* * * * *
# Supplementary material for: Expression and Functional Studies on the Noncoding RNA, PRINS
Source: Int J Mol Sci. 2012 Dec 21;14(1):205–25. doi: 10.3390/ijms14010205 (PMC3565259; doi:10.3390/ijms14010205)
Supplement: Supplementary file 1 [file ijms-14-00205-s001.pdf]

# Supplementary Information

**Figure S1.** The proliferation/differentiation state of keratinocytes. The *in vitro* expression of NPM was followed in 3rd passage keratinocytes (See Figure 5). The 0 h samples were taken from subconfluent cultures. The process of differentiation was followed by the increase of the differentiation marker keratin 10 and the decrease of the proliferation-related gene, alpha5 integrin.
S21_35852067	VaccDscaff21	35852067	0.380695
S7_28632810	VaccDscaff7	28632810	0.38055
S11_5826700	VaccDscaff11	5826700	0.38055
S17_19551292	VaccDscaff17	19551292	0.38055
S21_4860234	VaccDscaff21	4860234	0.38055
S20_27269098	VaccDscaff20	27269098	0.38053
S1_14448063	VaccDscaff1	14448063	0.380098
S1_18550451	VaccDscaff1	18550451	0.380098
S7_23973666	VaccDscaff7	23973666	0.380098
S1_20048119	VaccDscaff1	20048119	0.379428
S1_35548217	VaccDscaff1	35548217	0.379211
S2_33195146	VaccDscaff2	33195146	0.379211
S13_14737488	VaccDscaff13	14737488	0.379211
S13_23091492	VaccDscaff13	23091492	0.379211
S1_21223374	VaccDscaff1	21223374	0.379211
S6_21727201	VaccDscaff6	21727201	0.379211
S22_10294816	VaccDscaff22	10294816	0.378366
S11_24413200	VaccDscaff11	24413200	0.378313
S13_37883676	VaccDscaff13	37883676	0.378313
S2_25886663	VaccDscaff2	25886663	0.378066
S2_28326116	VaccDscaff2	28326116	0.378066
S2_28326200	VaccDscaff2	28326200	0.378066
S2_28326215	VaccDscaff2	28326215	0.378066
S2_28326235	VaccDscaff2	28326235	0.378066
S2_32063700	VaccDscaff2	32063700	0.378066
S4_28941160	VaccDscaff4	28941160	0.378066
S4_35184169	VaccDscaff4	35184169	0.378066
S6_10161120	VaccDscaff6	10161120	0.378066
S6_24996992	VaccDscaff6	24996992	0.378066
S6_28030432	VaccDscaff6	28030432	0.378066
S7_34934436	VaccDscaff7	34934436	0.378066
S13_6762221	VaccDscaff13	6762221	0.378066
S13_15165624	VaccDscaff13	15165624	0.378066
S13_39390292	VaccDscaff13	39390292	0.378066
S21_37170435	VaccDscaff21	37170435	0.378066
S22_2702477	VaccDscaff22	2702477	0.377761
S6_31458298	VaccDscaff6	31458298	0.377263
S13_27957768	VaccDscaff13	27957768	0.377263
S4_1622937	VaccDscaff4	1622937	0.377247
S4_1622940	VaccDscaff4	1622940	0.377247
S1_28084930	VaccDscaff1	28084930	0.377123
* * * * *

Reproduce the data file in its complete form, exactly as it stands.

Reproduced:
# Supplementary material for: Expression and Functional Studies on the Noncoding RNA, PRINS
Source: Int J Mol Sci. 2012 Dec 21;14(1):205–25. doi: 10.3390/ijms14010205 (PMC3565259; doi:10.3390/ijms14010205)
Supplement: Supplementary file 1 [file ijms-14-00205-s001.pdf]

# Supplementary Information

**Figure S1.** The proliferation/differentiation state of keratinocytes. The *in vitro* expression of NPM was followed in 3rd passage keratinocytes (See Figure 5). The 0 h samples were taken from subconfluent cultures. The process of differentiation was followed by the increase of the differentiation marker keratin 10 and the decrease of the proliferation-related gene, alpha5 integrin.
S21_35852067	VaccDscaff21	35852067	0.380695
S7_28632810	VaccDscaff7	28632810	0.38055
S11_5826700	VaccDscaff11	5826700	0.38055
S17_19551292	VaccDscaff17	19551292	0.38055
S21_4860234	VaccDscaff21	4860234	0.38055
S20_27269098	VaccDscaff20	27269098	0.38053
S1_14448063	VaccDscaff1	14448063	0.380098
S1_18550451	VaccDscaff1	18550451	0.380098
S7_23973666	VaccDscaff7	23973666	0.380098
S1_20048119	VaccDscaff1	20048119	0.379428
S1_35548217	VaccDscaff1	35548217	0.379211
S2_33195146	VaccDscaff2	33195146	0.379211
S13_14737488	VaccDscaff13	14737488	0.379211
S13_23091492	VaccDscaff13	23091492	0.379211
S1_21223374	VaccDscaff1	21223374	0.379211
S6_21727201	VaccDscaff6	21727201	0.379211
S22_10294816	VaccDscaff22	10294816	0.378366
S11_24413200	VaccDscaff11	24413200	0.378313
S13_37883676	VaccDscaff13	37883676	0.378313
S2_25886663	VaccDscaff2	25886663	0.378066
S2_28326116	VaccDscaff2	28326116	0.378066
S2_28326200	VaccDscaff2	28326200	0.378066
S2_28326215	VaccDscaff2	28326215	0.378066
S2_28326235	VaccDscaff2	28326235	0.378066
S2_32063700	VaccDscaff2	32063700	0.378066
S4_28941160	VaccDscaff4	28941160	0.378066
S4_35184169	VaccDscaff4	35184169	0.378066
S6_10161120	VaccDscaff6	10161120	0.378066
S6_24996992	VaccDscaff6	24996992	0.378066
S6_28030432	VaccDscaff6	28030432	0.378066
S7_34934436	VaccDscaff7	34934436	0.378066
S13_6762221	VaccDscaff13	6762221	0.378066
S13_15165624	VaccDscaff13	15165624	0.378066
S13_39390292	VaccDscaff13	39390292	0.378066
S21_37170435	VaccDscaff21	37170435	0.378066
S22_2702477	VaccDscaff22	2702477	0.377761
S6_31458298	VaccDscaff6	31458298	0.377263
S13_27957768	VaccDscaff13	27957768	0.377263
S4_1622937	VaccDscaff4	1622937	0.377247
S4_1622940	VaccDscaff4	1622940	0.377247
S1_28084930	VaccDscaff1	28084930	0.377123